April 11. 1887. to "The Groton Heights Baptist Church." Sunday School 

Organized in 1845. Pastor. Rev. Langley B. Sears. 



Ill connection witli Di.strict Miuiilier 
One i.s a free kindergarten. 

(iroton has three churches, the 
Groton Heights Baptist, Rev. Langle}' 
B. Sears, Pastor; the Groton Congre- 
gational Church, Rev. Frederick S. 
Hyde, Pastor: and the Bisliop Sealiuiy 
Memorial Church (Episcopal). Rev. 
Paul V. Hoffman, Rector. The erec- 
tion of a new Congregational church 
is receiving favorable consideration, 
and will, without doubt, soon he an 
actuality. 

The Bill ]\Ieiiiorial Library, located 
on Mouument Street, near the Groton 



.Moimiiient. was founded by Frederic 
1)111. in coiiiiiiciiK nation of liis sisters, 
Kliza and Harriet. It is a fine build- 
ing of Stony Creek granite, with 
Maynard freestone trimmings. It was 
dedicated .June iSth. 1890. It is 
maintained by a fund of more than 
■'5'10,000, which was also the gift of 
Mr. Bill. Its volumes, of which there 
are upward of live thousand, are 
issued free to card holders. In the 
upper portion of the building is a 
room used as a mixseum, which con- 
tains many relics and articles of 
interest, among them the historic 



152 




THE CONGREGATIONAL CHURCH OF GROl ON THAMES STREET. 

The Congregational Church of Groton is an OH-shoot from the First Church of New London, Permission for the Separation 

being Secured from the Hartford General Court in 1702. Since Then There Have Been Several Changes of Site. It is 

Anticipated that a New Edifice Will. Ere Long, be Erected on the Society's Newly Acquired Property. Corner of 

Monument and Meridian Streets. The Regular Church Services are as Follows: Sunday Morning Service. 

10 45- Sabbath School. 12 M.: Sunday Endeavor Meeting, 6,30 P. M.; Sunday Evening Service, 

7 30 P M Week Day Meeting. 7.30, Friday P. M. Pastor. Rev. Frederick S. Hyde. 




"^'f>^<^?^ 



SEABURY MEMORIAL CHURCH -FORT STREET, GROTON. 

TheSeabury Memorial Church was Completed in 1876. It was Consecrated by Bishop Williams Seple">ber I3thj881. 

Under the Name of Seabury Memorial Church, in Honor of the Memory of the Rt. Rev. Samuel Seabury. F'" B'shop ol 

the American Church, and of the Diocese of Connecticut, and who was Born in Groton. November 30th. 1729. 

Services Sundays, Holy Eucharist. 9 A. M.: Matins and Litany, 10 30 A. M Holy Eucharist. 11.00 A. M^- Vespers. 

5PM: Holy Days. Holy Eucharist, 7 A. M.: Vespers, 5 P. M. Priest in Charge. Rev. Paul F. HoHman. 



Ipjcturesquc 1Rew Uondon. 



sword of Colonel Ledyard. 
iMiiied liy liiiii on tlie fate-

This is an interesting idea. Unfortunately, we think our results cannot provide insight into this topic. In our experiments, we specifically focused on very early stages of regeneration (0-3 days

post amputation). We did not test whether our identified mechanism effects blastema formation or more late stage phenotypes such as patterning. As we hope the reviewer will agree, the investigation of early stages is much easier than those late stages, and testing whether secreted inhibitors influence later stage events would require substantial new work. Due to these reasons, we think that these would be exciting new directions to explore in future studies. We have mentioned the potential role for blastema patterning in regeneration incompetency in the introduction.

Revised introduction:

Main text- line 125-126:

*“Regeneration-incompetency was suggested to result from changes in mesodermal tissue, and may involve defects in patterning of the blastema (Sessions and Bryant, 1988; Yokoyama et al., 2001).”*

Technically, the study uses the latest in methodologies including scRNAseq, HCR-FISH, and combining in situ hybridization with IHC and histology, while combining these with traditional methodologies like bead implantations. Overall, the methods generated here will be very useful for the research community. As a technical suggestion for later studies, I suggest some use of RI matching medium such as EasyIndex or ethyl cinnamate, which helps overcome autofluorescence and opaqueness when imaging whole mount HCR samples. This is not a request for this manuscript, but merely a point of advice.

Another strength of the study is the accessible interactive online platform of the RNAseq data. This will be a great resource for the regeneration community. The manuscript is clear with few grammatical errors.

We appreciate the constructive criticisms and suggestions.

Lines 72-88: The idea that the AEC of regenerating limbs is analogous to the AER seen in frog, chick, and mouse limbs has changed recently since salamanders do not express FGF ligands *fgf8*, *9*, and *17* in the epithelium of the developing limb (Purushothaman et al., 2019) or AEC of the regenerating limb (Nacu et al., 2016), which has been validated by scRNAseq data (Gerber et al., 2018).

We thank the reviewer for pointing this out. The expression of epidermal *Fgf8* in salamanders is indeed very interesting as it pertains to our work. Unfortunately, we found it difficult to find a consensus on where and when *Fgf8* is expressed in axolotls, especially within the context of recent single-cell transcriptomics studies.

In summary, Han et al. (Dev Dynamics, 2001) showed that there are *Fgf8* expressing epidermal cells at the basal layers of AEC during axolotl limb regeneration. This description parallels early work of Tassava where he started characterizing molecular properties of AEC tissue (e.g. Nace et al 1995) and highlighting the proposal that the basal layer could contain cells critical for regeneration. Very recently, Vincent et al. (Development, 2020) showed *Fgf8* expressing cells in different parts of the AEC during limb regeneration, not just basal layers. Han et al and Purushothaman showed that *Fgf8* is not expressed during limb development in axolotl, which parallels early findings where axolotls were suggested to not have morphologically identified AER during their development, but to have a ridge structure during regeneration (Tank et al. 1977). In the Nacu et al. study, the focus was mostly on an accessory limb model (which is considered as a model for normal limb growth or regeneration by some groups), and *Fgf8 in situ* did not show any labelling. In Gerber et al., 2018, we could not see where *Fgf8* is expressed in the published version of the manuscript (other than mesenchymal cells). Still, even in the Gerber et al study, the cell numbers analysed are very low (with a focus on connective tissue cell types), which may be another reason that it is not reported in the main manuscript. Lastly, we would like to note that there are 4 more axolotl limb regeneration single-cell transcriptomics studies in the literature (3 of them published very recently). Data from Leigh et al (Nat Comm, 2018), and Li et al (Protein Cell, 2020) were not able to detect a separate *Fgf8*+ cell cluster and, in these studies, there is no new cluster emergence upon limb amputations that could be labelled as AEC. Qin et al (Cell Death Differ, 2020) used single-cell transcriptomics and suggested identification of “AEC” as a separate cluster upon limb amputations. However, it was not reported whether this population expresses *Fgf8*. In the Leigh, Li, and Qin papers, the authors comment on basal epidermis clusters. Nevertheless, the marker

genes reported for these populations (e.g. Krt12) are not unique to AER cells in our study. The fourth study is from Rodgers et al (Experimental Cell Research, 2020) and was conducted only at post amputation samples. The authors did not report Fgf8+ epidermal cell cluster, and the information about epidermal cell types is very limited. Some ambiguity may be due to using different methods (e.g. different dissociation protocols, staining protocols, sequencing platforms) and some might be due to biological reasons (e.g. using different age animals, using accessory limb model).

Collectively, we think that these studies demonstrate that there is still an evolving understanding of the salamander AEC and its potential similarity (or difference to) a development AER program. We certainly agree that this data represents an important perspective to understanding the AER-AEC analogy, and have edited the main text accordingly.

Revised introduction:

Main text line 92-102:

ful litli of Septeniher. 17^1. 
In (i niton is loeated the 
Odd Fellows" Home of 
Connecticut. It is situat- 
ed I in the east bank of, 
and overlooks, the Thames 
l\iver. It is aptly named 
■• Fairview," for from its 
site may be obtained a 
view of dive rs i t y and 
beauty. The Home was 
founded and is supported 
by, contributions from the 
vai'ious lodges of tiic Inde- 




JAMES BISHOP, 

Secretary Odd Fellows' Home of 
Connecticut. 



Smith, of Waterbury ; .Sec- 
rctaiy, .lanics Bisiiop. of 
New Haven: Treasurer, 
Frederick S. Hunt, of 
Bridgeport. 

There are before tiie 
i/cgislature petitions for 
electric road privileges. 
< )ne road contemplated 
will extend from Norwicli 
to (iroton, and one from 
(irotun to Westerly, \ ia 
Noank. 

Anotiier matter of great 
interest lias lieen brought 
before the Legislature, 




•'FAIRVIEW," ODD FELLOWS' HOME OF CONNECTICUT.— GROTON. 



pendent ( )r(ler of Odd 
Fellows of Connecticut. 
Its purpose is to provide 
a home for aged, infirm, 
crippled, and indigent 
mend)ers of the Order. 
The property contains 
about fifty acres of land. 
and is one mile north of 
Groton N'illage. ItsofKcers 
are. Charles 15. Ware, P. 
G. M., New London, Presi- 
dent; First \' ice -Presi- 
dent, Frederick Botsford, 
of New Haven; Second 
Vice-President, John W. 




FREDERICK S. HUNT, 

Treasurer Odd Fellows' Home 

of Connecticut. 



ami sanctioned by it, viz., 
to grant a certain section 
of tlie town the borough 
form of government. The 
Legislative body having 
acted favorably upon this 
petition, it will then be 
balloted upon liy the vot- 
ers of Groton. Tliere ex- 
ists a difference of opin- 
ion reffardinsT the advisa- 
liility of this change in 
form of government: but 
there is unanimity as to 
the desirability of the im- 
provements proposed. 




RESIDENCE OF THOMAS A. MINER. 

The Residence of Thomas A. Miner. President of the Groton Grain Company. 105 Thames Street. 
is Located on Meridian Street. Corner of Monument. 




RESIDENCE OF CAPTAIN JASON L. RANDALL — RAMSDELL STREET. 



155 




FIVE MODERN GROTON RESIDENCES. 

HIRAM M. HODGDON-RAMSDELL STREET. HENRY L BAILEY - RAMSOELL STREET. 

WALTER R. DENISON — RAMSDELL STREET 
ALBERT L. SAUNDERS -ALLEN STREET. NELSON S. HOLDRIDGE- PLEASANT STREET. 

156 




BILL MEMORIAL LIBRARY - GROTON. 

The Bill Memorial Library was Dedicated June 18th. 1890. It was Presented to Groton by Frederic Bill, a Resident 

ot the Town. It is Constructed of Stony Creek Granite and Trimmed with Maynard Freestone, is Fifty Feet 

Long and Forty Wide. It Contains About Four Thousand Volumes. Issued Free to Card Holders, and is 

Maintained by an Endowment Fund of More than Ten Thousand Dollars, also the Gift